Anyway, I love how you take your job and your mentorship so seriously in regards to "holding 2 lives in your hands." It's a blessing to learn from you (via your blog, of course!).

June 14, 2009 | Unregistered CommenterSarah B.

All the reasons you listed are the reasons I want to be a midwife. I want to be there for women during pregnancy and after. I want to be the support for women like the support I didn't have.
I love your blog, and I hope to find a midwife like you that I can apprentice with when I'm ready

June 14, 2009 | Unregistered CommenterKayce

Thank you for this, it was beautiful and true (as far as a non-midwife can know). It's funny, I think some of the women who are most excited about the babies are making the same fundamental mistake that our society does--that women are just vessels. But they're miracles! And so many of them want so badly to do the right things and pass through birth whole and strong, and they are hampered so much by the way we treat them.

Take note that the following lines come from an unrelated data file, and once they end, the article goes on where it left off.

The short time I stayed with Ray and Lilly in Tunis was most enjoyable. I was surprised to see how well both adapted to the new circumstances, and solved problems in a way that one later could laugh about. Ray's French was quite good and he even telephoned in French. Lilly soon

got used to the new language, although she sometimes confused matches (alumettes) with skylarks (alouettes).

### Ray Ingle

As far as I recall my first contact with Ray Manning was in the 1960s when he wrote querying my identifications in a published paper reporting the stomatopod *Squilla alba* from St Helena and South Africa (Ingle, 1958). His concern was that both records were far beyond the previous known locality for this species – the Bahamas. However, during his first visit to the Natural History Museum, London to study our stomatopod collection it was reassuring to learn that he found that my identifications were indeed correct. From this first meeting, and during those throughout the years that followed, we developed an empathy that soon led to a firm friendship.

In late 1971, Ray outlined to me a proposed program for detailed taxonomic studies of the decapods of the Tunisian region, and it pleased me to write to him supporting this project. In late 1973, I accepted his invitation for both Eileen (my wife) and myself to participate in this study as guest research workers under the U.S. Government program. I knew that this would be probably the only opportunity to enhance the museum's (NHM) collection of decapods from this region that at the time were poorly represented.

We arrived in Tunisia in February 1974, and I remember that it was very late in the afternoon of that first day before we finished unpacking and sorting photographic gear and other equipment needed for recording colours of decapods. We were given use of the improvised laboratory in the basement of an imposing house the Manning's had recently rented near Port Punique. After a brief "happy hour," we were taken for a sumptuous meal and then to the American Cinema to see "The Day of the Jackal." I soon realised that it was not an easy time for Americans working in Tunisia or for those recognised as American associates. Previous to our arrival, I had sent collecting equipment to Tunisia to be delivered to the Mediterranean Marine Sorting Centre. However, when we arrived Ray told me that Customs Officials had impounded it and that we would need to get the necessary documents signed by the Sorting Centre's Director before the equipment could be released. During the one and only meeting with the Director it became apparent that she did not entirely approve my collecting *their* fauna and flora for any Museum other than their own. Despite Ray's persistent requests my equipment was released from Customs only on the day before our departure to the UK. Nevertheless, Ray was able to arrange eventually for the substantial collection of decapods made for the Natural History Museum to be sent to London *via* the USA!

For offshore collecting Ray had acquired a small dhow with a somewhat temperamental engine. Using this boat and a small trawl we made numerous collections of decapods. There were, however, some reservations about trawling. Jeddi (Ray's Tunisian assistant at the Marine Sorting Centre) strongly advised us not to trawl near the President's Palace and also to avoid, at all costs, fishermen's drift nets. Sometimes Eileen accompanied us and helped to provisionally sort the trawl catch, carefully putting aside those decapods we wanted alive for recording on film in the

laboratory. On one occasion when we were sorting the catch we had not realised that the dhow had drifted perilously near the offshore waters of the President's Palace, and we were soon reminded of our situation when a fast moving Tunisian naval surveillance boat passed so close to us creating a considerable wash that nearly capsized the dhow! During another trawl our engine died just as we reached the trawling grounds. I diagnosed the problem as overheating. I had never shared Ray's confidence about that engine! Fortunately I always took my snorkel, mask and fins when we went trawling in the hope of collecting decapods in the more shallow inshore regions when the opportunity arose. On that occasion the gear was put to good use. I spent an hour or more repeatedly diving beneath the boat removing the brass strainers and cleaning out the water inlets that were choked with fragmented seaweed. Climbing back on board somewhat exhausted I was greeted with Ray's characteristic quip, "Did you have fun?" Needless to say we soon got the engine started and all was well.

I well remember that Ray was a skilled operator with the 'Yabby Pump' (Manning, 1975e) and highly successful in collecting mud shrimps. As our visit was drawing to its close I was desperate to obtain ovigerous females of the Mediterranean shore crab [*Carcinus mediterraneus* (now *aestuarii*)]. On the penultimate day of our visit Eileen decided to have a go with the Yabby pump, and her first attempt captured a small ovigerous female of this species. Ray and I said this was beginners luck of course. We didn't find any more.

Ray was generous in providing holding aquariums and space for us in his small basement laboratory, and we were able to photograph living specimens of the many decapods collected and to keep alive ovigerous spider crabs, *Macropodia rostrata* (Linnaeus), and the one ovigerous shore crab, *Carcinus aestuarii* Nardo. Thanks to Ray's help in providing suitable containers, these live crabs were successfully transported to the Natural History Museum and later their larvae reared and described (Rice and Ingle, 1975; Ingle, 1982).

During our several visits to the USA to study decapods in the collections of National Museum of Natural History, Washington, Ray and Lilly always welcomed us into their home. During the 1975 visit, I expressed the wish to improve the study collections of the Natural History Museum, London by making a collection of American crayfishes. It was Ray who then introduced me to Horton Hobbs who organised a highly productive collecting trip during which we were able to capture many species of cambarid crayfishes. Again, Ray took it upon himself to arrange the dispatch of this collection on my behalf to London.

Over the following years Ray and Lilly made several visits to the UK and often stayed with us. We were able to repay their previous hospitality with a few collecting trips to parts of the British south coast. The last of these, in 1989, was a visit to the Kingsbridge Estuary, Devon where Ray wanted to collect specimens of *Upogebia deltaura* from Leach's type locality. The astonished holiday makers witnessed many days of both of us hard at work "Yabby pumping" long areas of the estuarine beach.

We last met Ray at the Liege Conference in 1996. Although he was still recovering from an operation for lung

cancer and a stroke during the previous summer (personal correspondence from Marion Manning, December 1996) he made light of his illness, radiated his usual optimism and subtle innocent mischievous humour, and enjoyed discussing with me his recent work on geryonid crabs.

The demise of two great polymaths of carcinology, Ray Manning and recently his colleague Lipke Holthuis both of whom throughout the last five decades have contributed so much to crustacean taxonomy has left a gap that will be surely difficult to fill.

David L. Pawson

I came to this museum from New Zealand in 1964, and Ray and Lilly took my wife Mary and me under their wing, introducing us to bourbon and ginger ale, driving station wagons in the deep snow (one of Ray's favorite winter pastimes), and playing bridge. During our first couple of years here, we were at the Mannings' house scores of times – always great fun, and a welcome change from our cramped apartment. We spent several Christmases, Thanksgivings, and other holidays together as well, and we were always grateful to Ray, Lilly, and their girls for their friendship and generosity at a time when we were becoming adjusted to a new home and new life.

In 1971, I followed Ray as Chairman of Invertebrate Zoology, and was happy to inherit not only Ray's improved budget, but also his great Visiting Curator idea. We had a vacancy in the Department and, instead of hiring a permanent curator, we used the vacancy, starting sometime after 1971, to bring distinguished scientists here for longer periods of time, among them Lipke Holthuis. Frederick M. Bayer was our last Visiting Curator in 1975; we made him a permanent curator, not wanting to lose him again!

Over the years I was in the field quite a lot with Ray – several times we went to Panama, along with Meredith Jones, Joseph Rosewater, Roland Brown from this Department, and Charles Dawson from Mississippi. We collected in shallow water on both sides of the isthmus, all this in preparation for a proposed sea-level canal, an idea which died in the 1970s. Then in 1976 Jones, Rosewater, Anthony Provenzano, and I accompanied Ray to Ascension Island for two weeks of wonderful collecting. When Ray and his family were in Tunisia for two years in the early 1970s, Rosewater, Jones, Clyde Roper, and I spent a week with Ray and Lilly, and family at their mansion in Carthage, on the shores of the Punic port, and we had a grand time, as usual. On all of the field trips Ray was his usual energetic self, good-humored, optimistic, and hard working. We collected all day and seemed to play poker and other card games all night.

I thought I wanted to be a midwife, but my heart does not seem in the clinical side, which it would need to be, the nuts and bolts and blood part. I do feel drawn to helping women in pregnancy and birth, but don't know if doula-ing would do that or if I should help in some other way. I spend a lot of time on my ICAN list sending links to blogs and studies and resources for women trying to VBAC in peace, or trying to find ways to help women deal with "loving" spouses/family members who sabotage them mentally at every turn. I just can't seem to find a way to turn that into a profession that puts food on the table :)